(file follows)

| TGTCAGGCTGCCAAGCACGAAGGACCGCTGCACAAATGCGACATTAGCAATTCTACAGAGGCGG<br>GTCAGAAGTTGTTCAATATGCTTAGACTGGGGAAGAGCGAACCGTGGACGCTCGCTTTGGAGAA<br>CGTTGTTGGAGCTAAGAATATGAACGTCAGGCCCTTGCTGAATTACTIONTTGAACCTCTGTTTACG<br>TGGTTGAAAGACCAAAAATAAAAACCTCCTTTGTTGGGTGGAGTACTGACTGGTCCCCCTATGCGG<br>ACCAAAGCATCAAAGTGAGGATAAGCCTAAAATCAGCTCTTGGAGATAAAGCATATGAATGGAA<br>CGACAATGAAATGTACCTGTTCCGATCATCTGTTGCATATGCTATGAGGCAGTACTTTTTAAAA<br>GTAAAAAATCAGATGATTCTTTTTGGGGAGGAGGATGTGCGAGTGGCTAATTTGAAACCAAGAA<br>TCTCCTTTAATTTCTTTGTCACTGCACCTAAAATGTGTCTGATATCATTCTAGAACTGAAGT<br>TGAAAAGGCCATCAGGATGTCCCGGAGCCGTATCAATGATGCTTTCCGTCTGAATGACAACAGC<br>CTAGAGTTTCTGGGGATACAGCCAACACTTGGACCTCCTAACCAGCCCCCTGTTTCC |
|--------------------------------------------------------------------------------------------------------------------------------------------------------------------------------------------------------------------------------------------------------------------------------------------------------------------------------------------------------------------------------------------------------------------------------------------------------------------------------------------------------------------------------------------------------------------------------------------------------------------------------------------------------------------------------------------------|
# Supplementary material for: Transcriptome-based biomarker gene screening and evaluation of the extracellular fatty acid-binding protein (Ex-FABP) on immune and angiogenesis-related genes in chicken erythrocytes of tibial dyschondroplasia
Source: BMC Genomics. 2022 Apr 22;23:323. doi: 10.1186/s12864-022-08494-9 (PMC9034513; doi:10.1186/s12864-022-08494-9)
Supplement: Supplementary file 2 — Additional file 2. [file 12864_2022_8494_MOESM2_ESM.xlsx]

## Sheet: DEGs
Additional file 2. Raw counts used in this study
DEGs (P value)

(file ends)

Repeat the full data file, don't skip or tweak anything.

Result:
| TGTCAGGCTGCCAAGCACGAAGGACCGCTGCACAAATGCGACATTAGCAATTCTACAGAGGCGG<br>GTCAGAAGTTGTTCAATATGCTTAGACTGGGGAAGAGCGAACCGTGGACGCTCGCTTTGGAGAA<br>CGTTGTTGGAGCTAAGAATATGAACGTCAGGCCCTTGCTGAATTACTIONTTGAACCTCTGTTTACG<br>TGGTTGAAAGACCAAAAATAAAAACCTCCTTTGTTGGGTGGAGTACTGACTGGTCCCCCTATGCGG<br>ACCAAAGCATCAAAGTGAGGATAAGCCTAAAATCAGCTCTTGGAGATAAAGCATATGAATGGAA<br>CGACAATGAAATGTACCTGTTCCGATCATCTGTTGCATATGCTATGAGGCAGTACTTTTTAAAA<br>GTAAAAAATCAGATGATTCTTTTTGGGGAGGAGGATGTGCGAGTGGCTAATTTGAAACCAAGAA<br>TCTCCTTTAATTTCTTTGTCACTGCACCTAAAATGTGTCTGATATCATTCTAGAACTGAAGT<br>TGAAAAGGCCATCAGGATGTCCCGGAGCCGTATCAATGATGCTTTCCGTCTGAATGACAACAGC<br>CTAGAGTTTCTGGGGATACAGCCAACACTTGGACCTCCTAACCAGCCCCCTGTTTCC |
|--------------------------------------------------------------------------------------------------------------------------------------------------------------------------------------------------------------------------------------------------------------------------------------------------------------------------------------------------------------------------------------------------------------------------------------------------------------------------------------------------------------------------------------------------------------------------------------------------------------------------------------------------------------------------------------------------|
# Supplementary material for: Transcriptome-based biomarker gene screening and evaluation of the extracellular fatty acid-binding protein (Ex-FABP) on immune and angiogenesis-related genes in chicken erythrocytes of tibial dyschondroplasia
Source: BMC Genomics. 2022 Apr 22;23:323. doi: 10.1186/s12864-022-08494-9 (PMC9034513; doi:10.1186/s12864-022-08494-9)
Supplement: Supplementary file 2 — Additional file 2. [file 12864_2022_8494_MOESM2_ESM.xlsx]

## Sheet: DEGs
Additional file 2. Raw counts used in this study
DEGs (P value)